A business continuity plan is much more than just a disaster recovery plan that lets you know which insurance agent to call after your business has been struck by a fire, vandal or theft. It’s about knowing how your organization is going to keep moving forward and overcome any disruption no matter the cause. ESG, a consultancy group focused on storage and information management, found that 63% of organizations could withstand only four hours or less of downtime before experiencing adverse affects to the business. Do you know what the impact even a minor interruption of service would have on your business (and how to mitigate it) even if it was just for a few hours?

A strong business continuity plan will always consider, and answer, the following questions:

1. What risks are most likely to affect your organization in your geographical area?

Think about the seasons of your location. If you’re in the Pacific Northwest, you know how heavy rainfall can slow traffic to a crawl. If you live in an area with regular power outages in the summer, do you have backup plans and standard operations Are you prepared for things like:

  • Staff members to come in late in the case of heavy snow or rainfall?
  • Server shutdowns caused by rolling blackout/strained electrical grids?
  • Updating your website if your network is disabled?

2. Are there at least two staff members who know how to carry out each key job?

It’s unrealistic to believe a key individual will never get sick or go on a vacation. You need to make sure your team has the flexibility and agility to carry on whenever a key member is out of the office. Would your organization be able to operately effectively without key personnel around?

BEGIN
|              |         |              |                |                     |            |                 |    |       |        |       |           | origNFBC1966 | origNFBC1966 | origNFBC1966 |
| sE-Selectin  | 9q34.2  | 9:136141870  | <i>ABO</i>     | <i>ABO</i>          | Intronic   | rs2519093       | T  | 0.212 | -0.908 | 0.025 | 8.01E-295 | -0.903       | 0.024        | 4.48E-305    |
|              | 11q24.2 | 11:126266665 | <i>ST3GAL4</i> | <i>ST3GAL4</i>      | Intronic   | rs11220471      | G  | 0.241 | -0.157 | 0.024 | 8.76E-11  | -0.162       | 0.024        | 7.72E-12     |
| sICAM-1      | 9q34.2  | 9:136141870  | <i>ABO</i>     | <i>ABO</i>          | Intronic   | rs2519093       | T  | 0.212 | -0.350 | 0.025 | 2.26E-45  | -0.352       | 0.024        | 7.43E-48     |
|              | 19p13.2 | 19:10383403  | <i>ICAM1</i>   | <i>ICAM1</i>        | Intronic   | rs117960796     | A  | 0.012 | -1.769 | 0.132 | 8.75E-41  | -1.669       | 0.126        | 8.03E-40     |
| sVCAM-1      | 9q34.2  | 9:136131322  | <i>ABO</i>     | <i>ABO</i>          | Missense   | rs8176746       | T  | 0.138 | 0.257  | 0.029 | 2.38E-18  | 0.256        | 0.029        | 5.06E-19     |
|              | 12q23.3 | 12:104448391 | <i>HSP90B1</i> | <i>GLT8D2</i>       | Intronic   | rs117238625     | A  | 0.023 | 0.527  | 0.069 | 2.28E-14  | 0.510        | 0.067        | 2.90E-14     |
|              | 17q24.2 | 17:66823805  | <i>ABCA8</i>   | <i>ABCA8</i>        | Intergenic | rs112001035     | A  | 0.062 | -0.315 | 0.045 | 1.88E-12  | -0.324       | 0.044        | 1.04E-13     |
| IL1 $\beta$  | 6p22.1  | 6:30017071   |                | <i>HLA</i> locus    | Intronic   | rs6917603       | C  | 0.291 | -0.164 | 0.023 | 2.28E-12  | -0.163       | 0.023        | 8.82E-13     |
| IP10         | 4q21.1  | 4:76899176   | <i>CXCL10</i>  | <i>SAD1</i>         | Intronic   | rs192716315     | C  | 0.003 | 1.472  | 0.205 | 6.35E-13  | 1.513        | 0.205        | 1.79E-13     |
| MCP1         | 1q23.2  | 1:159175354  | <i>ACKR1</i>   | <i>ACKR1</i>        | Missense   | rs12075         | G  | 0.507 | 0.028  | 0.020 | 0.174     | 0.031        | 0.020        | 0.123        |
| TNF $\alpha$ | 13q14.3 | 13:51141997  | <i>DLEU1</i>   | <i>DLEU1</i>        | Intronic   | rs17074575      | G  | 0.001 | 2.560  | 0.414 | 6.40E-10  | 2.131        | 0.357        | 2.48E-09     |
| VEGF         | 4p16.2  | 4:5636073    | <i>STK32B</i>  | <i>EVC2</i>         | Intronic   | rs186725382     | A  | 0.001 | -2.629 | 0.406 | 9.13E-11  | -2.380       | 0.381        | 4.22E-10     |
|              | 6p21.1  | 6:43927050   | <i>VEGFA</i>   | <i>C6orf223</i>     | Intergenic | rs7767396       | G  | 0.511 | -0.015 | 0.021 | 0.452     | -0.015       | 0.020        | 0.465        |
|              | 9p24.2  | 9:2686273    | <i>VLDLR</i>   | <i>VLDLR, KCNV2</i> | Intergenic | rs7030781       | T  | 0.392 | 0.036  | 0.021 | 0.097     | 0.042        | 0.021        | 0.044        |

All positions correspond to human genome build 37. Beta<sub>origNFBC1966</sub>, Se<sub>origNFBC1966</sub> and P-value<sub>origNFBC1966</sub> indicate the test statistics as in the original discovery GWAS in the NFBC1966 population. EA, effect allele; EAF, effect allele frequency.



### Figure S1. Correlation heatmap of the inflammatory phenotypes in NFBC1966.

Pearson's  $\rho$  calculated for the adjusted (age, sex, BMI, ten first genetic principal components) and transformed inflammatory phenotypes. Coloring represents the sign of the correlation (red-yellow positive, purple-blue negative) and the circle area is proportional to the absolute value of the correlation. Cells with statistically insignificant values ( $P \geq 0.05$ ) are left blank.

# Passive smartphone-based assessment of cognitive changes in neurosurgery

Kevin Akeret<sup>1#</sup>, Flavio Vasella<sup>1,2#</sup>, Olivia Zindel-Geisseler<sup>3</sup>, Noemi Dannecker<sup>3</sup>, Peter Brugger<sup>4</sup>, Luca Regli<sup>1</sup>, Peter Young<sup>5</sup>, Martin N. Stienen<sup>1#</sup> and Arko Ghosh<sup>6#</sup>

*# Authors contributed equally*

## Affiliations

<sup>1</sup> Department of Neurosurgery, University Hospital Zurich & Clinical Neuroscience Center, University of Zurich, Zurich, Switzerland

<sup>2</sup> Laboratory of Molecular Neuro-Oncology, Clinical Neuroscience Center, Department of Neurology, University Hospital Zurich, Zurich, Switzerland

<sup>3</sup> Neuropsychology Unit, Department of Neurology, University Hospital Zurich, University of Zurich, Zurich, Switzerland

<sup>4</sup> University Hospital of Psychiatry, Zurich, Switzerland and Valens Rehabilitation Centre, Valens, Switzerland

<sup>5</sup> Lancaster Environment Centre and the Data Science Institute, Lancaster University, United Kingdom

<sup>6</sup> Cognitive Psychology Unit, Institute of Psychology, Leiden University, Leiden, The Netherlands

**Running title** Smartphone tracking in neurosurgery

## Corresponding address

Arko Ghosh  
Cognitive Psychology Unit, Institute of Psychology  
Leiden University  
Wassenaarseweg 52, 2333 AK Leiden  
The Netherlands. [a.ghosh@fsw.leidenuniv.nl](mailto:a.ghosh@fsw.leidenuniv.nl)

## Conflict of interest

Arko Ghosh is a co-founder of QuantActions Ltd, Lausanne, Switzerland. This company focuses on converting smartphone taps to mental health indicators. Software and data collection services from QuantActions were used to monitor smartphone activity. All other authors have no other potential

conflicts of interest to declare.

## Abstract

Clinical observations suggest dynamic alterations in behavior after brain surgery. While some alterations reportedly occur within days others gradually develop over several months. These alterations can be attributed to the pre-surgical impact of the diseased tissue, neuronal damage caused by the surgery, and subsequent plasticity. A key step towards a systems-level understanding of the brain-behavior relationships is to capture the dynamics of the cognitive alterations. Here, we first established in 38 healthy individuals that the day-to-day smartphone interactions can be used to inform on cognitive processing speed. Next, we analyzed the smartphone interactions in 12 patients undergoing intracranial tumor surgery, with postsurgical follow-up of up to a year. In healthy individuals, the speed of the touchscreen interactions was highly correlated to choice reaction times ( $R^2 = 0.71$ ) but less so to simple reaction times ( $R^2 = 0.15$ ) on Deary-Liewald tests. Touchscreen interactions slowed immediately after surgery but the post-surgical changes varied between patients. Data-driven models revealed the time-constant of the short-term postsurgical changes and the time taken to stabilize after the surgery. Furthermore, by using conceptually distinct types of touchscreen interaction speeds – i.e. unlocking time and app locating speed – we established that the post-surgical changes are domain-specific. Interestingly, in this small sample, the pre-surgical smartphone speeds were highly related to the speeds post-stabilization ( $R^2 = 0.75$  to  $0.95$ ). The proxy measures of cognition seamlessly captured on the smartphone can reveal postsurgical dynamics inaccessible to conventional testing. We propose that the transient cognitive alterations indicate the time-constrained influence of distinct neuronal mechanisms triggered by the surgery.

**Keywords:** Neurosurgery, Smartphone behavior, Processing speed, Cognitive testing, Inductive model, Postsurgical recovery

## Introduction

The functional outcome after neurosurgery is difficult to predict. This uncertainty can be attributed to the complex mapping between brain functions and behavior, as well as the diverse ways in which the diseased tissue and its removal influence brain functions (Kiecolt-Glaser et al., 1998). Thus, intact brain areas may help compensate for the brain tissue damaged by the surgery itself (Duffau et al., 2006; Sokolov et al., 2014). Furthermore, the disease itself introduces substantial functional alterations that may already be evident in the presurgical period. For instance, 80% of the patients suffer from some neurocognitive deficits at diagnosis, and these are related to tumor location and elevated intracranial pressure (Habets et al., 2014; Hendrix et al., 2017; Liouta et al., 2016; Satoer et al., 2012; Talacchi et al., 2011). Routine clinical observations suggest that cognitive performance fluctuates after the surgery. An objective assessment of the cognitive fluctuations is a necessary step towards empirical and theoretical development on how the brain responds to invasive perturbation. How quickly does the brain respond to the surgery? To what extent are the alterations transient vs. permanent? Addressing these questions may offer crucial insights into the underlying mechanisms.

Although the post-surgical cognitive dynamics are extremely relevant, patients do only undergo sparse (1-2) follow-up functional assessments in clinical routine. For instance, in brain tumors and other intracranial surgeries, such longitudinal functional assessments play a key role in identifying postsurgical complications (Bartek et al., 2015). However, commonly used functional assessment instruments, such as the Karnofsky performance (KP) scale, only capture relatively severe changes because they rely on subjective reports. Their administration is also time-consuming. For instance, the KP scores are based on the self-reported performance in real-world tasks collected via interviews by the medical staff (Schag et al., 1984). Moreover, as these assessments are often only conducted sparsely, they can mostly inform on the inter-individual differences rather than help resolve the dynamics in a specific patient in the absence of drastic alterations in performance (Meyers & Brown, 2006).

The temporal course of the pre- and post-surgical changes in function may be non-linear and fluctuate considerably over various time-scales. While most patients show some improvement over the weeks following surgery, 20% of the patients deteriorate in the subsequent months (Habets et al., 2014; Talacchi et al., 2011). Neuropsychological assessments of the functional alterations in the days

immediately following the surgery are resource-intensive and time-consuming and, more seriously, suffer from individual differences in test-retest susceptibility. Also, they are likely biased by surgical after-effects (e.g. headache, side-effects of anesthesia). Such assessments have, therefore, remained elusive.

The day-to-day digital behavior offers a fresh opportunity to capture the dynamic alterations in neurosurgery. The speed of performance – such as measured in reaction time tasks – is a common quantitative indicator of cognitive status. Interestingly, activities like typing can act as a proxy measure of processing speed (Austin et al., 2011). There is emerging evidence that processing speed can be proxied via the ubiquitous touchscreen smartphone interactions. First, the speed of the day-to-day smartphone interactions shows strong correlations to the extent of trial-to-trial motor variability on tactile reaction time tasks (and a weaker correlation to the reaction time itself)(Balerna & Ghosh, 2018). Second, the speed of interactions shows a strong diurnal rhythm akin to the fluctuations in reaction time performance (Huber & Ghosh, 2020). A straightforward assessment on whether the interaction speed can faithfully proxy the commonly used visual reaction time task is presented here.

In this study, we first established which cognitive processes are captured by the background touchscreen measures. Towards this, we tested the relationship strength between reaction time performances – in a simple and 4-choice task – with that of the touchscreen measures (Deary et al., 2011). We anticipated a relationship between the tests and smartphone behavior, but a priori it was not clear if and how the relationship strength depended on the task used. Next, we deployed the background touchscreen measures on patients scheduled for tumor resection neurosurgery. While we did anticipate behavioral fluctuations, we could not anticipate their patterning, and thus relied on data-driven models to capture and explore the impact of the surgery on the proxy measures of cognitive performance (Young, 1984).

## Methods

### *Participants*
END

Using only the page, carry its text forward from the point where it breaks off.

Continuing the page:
• Who will communicate with management and other stakeholders?
  • What will your organizational response be if key leaders are incapacitated or unavailable?
  • Who will be in charge of contacting insurance agents?
  • Who will speak to the media?
  • How will you handle payroll?

3. Is your organization able to operate effectively when key locations are closed?

Communication blackouts do happen and can be caused by a number of things like power outages, service provider disruptions or even international holidays.

  • How will you communicate with your staff if mobile phone, landline and other communications networks are destroyed?
  • How will you locate employees to share crucial information with them?
  • How will you manage critical personnel data, such as emergency contact information, user IDs and network passwords, if systems are down or destroyed?
  • How will you communicate with your client and vendors?

4. Is physical information backed up?

Even though we’ve entered the digital age, there’s still plenty of information being passed around on paper. Is there a plan in place that will keep your company running smoothly if your physical records management have been compromised?

5. Does your business continuity plan work? 

Having a business continuity plan is a great first step!

  • But was the planning team made of appropriate members?
  • Have all of your organization’s business continuity bases been covered? Do you have an internal audit team?
  • Has the audit team reviewed the plan for deficiencies?
  • Has your organization conducted scenario testing of your plan, such as a simulation of a terrorist bomb attack on your organization’s headquarters, or simulation of a virus attack bringing down the network?

 

For detailed worksheets that will help you create and test a viable business continuity plan, download our new e-book, “The Ultimate Guide to Business Continuity Planning” today!

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